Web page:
New Art: Clusterbomb @ Patriothall Gallery, Stockbridge

This is my review of Clusterbomb at Patriothall Gallery WASPS for The Skinny. 3 Stars!

Notwithstanding the occasional guidebook erroneously, and rather hilariously, describing Stockbridge as ‘bohemian’, it’s probably fair to say that the area’s art scene is bland and commercially focused. That’s why this independent exhibition of drawings and paintings by Edinburgh College of Art graduates should be particularly welcomed.

The unifying concern – ‘the excessive clustering of imagery’ – is simple and there is no burdening the visitor with spoon-fed textual reflection. This decision has worked out well for Clusterbomb: many of the paintings are so replete with lively symbolism and tackle such thoroughly contemporary referents, from kebabs to Lego, that formal explanation is unnecessary.

Emergent themes are food supply, violence, fear and waste culture. Matt Swan’s Anonymous Dorito Henchman with a Green Cape showcases the inventive mix of fast food, vanity and pure fantasy that makes up his bizarre and intriguing work. Jamie Kinroy tackles the stress and breakdown of social life in the face of consumerist capitalism, and in the likes of Hard Times 2 his use of colour and logo echoes multinational corporations.

Bobby Nixon’s Black Paintings convey the growing sense of fear in the contemporary urban environment, again referencing the logos and junk food that are staples in the big city. John Brown’s playful deconstruction of bodily parts in Twitland complements the more serious contributions.

Contrasting with all this detritus and dysfunction is Alex Gibbs’ lonely Suburban Living, With Trees, whose clinical, manipulated landscape still hints that we are looking at the other side of the same coin of human agency.

There is more that can be done here in terms of refining the concept and honing the various responses, but this is nevertheless a good, low-budget exhibition from promising new artists. Clusterbomb’s inventiveness and critical engagement with contemporary themes is admirable and the show is certainly worth seeing.

Turner in January: some thoughts on the Vaughan Bequest exhibition, Edinburgh

Odd things happen artwise in Edinburgh (and I suppose in Dublin and London) in January.

Some years it’s difficult to decide whether the Vaughan bequest of 38 of Turner’s watercolours and sketches is a blessing or a curse for the National Galleries.  On the one hand, surely this is perfect, conservationist ‘Cream Egg Syndrome’: once a year, strictly exclusive to January, and for the rest of the time we’re supposedly left wanting.  On the other hand, despite its mandatory brevity, this exhibition has a perennial tendency to be repetitive and incentive to do anything interesting with it is potentially lacking.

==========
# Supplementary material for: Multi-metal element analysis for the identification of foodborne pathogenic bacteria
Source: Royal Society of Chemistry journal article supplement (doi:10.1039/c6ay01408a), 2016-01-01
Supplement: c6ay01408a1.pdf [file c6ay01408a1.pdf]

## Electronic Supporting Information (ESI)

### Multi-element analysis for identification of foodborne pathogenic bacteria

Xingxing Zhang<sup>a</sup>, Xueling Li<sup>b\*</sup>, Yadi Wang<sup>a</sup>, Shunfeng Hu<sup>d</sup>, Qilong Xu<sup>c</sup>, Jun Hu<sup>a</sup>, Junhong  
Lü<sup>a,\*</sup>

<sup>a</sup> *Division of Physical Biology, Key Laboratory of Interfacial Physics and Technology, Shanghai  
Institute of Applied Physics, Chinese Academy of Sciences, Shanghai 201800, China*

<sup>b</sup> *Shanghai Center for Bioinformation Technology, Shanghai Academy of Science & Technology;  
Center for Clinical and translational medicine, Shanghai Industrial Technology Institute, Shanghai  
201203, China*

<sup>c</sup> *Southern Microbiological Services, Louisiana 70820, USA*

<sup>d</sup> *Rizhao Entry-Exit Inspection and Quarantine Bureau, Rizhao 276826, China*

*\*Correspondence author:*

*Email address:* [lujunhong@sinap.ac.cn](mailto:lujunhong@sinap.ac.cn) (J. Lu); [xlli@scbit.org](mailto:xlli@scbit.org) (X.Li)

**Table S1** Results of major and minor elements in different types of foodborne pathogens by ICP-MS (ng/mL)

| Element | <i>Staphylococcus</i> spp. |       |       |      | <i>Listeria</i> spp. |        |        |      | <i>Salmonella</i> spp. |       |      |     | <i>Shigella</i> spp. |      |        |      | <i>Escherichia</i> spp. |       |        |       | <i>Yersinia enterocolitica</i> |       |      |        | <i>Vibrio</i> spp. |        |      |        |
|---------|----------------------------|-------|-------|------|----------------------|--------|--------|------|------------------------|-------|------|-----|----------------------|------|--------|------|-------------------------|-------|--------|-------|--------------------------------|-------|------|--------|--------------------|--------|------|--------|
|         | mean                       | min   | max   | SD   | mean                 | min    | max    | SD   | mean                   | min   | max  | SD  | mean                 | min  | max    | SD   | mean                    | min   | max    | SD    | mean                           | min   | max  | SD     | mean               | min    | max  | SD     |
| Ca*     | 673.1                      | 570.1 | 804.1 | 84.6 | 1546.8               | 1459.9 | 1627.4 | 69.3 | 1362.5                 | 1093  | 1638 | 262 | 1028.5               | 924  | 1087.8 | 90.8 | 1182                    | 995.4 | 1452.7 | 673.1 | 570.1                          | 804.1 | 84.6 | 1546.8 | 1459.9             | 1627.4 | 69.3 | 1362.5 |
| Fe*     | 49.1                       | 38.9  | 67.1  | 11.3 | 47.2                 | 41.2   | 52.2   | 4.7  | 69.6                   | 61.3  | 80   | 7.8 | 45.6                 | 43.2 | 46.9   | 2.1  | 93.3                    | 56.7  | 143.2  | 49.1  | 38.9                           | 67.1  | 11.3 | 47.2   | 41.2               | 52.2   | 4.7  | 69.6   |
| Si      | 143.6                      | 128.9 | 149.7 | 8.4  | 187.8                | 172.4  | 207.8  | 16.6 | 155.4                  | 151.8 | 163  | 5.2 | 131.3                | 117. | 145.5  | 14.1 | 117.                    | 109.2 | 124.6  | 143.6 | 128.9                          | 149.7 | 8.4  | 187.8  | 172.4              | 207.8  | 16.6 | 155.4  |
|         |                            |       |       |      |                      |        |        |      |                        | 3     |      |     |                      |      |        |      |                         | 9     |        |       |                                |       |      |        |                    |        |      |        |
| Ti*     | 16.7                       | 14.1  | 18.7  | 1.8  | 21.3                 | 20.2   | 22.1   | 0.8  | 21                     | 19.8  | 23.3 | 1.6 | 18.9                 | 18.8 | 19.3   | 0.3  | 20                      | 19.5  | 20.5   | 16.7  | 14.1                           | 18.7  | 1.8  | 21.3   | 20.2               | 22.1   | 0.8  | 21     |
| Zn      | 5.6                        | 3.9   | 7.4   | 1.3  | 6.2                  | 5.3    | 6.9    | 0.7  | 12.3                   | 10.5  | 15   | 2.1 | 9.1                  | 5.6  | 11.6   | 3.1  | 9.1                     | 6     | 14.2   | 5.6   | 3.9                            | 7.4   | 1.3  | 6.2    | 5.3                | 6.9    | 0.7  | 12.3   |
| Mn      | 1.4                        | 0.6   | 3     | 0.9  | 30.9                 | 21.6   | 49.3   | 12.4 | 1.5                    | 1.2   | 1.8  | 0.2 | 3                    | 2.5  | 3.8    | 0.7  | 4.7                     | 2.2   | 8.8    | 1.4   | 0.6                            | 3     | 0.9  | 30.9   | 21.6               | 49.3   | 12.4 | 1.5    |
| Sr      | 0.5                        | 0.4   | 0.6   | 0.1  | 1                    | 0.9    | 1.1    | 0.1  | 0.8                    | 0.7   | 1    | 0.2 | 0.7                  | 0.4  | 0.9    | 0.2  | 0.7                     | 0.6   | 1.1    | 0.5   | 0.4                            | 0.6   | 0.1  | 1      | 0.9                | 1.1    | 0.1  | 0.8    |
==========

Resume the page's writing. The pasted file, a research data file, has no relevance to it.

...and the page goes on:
2011’s Turner is in the exhibition space downstairs by the Scottish collection.  This soporific bunker doesn’t lend itself favourably to the appreciation of art at the best of times and the Turners are exhibited in vaguely chronological order without significant curatorial invention.  However, one of the twists of the bequest itself is that Vaughan collected the works with the intention of representing all the main periods of Turner’s artistic development, and he passed these pieces on to Edinburgh with the same thought.  What results is a coherent collection of sketches and paintings which makes sense as a set, so we may forgive the National Galleries’ staff for keeping their interpretation largely in the background.

Best known among the collection are probably the energetic, lightening-emblazoned watercolour The Piazzetta, Venice (pictured) and the endlessly absorbing, ethereal Heidelberg.  But other highlights include the study of colour relationships in Harbour View and the breathtaking little watercolour Loch Coruisk, and among his blue and grey wash sketches, Lake Albano.

You can’t help but feel for the curators having to roll these works out year upon year in January, and a certain fatigue seems evident.  But this doesn’t stop Turner in January from being one of the quirkily fabulous treats of the Edinburgh calendar.

You have until 31st January (or you’ll have to wait 11 months!)

Childish Things at the Fruitmarket Gallery, Edinburgh

The theme of this second collaboration between The Fruitmarket Gallery and curator and scholar David Hopkins is undoubtedly seasonally appropriate.  Just as the joy of a childhood Christmas can have a dark underside, so Childish Things scrutinises the process of children’s play through its artefacts and reveals a disturbing picture indeed.

Rooted in Dada and Surrealism, this powerful exhibition explores its theme through several media, drawing on the physicality of play, whether the interactive play of a puppet show, the artist’s ‘playing’ with the medium of film, or toys themselves.  But crucially, Childish Things acknowledges the embeddedness of play in our social and psychological worlds, to complex and disturbing effect.

The toy-like pieces exhibited range from found objects such as Paul McCarthy’s Children’s Anatomical Educational Figure to stitched doll-like figures in Louise Bourgeois’s narrative piece Oedipus.  Jeff Koons’s Bear and Policeman is striking in its reproduction of a junk shop knick-knack in exquisite, monumental scale.  Decontextualized, the piece is imbued with a garish menace and the original impressions of friendship and cooperation are lost to ambiguity and threat.  Susan Hiller’s An Entertainment, a large-scale, four-screen projection of recordings of Punch and Judy shows, places the viewer within the frightening, abusive world of the show with terrifying results.

If Childish Things has the propensity to draw out the uncertainty, darkness and even violence of childhood, then there is redemption of sorts in Helen Chadwick’s Ego Geometrica Sum.  Chadwick’s work harmonises the artist’s body with objects and shapes from her life in a consciously geometric fashion, rationalising and ordering seminal personal experiences. 

It would be wrong to say that Childish Things is predominantly dark.  As appropriate to its subject matter, there is a great sense of energetic fun.  Don’t be afraid to see it; just be prepared to scratch the surface a little.